Like its now nuclear-armed commercial partner, North Korea, which has supplied Syria and Iran with missile systems, Syria feels surrounded. It is squeezed between Israel, American forces in Iraq and a Lebanese government at odds with Damascus over suspected Syrian involvement in the February 2005 assassination of former Lebanese Prime Minister Rafik Hariri.

Instead of shunning Syria, the Bush administration should re-engage with Damascus. If properly managed, this could nudge Olmert, or his possible successor, toward successfully concluding peace with Syria. It’s worth trying.

John K. Cooley, a former correspondent for The Christian Science Monitor, covered the Middle East for more than 40 years. His latest book is “An Alliance Against Babylon: the US, Israel, and Iraq.” This article first appeared in the Monitor and is published in collaboration with the Common Ground News Service.

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October 30th, 2006, 1:55 am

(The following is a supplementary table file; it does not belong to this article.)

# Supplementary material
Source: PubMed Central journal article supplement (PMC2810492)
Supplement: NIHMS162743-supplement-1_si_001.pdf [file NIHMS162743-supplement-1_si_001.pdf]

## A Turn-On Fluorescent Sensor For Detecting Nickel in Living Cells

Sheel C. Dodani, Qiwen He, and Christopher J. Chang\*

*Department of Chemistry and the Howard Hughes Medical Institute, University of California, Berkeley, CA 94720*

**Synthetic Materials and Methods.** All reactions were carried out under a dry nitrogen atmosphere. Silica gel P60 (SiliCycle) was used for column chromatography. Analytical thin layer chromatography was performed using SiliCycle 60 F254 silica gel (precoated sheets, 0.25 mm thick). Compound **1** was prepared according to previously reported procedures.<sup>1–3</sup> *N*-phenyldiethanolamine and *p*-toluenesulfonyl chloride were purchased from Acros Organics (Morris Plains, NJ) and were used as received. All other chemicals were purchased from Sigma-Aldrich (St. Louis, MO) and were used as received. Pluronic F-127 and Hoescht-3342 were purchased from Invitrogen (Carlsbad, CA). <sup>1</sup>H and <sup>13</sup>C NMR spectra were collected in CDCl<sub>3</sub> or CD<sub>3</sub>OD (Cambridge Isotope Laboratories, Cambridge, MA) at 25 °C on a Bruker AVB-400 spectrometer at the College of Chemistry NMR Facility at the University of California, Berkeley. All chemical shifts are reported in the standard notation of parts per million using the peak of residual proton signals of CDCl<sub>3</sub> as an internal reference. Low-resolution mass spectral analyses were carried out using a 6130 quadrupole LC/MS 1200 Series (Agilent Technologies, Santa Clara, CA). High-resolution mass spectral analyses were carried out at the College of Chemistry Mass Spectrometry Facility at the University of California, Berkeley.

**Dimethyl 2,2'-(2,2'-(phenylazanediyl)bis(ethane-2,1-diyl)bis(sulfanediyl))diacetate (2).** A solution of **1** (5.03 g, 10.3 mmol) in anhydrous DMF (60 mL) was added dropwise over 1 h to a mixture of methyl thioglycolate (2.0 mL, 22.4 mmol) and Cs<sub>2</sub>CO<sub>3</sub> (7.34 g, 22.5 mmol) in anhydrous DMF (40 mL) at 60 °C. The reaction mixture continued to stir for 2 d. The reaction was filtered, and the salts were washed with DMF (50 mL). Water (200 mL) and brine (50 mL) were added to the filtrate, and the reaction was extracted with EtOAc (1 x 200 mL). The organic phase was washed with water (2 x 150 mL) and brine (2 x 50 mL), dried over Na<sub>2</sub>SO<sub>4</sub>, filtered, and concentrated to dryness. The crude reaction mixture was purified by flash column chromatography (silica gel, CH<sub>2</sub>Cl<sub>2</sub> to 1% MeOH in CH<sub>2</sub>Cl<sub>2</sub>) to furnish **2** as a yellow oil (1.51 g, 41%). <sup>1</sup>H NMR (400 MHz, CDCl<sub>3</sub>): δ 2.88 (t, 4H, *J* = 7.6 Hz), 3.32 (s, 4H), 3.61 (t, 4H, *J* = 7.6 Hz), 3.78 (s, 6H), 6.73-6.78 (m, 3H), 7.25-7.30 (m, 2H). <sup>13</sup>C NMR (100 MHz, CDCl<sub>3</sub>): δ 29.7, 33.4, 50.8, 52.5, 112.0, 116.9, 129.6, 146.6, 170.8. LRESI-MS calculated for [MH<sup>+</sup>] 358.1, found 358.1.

23. qunfuz said:

The eyes, Josh, belong to the bronze age princess of Tuba. Do I win a horse’s head? Or dead canary? Or something?

If Ammar is introducing people like Khaddam to people like the DU criminals of the US administration, does he still pretend to be a democrat?

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October 30th, 2006, 3:14 am

 

24. ivanka said:

The only non-military way of disarming Hezballa is a peace deal with Syria. Nobody in Lebanon can disarm them. Israel couldn’t. Syria can tell them to put down their weapons and become a political party. It is one of the rare parties the hezb will listen to.

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October 30th, 2006, 8:15 am

 

25. Akbar Palace said:

Democracies are inherently stronger than thugocracies. Don’t let their media and their lack of determination fool you.

If Iran feels the need to start another war through Syria, or through the use of nuclear weapons, no democratic government will walk away from the challenge.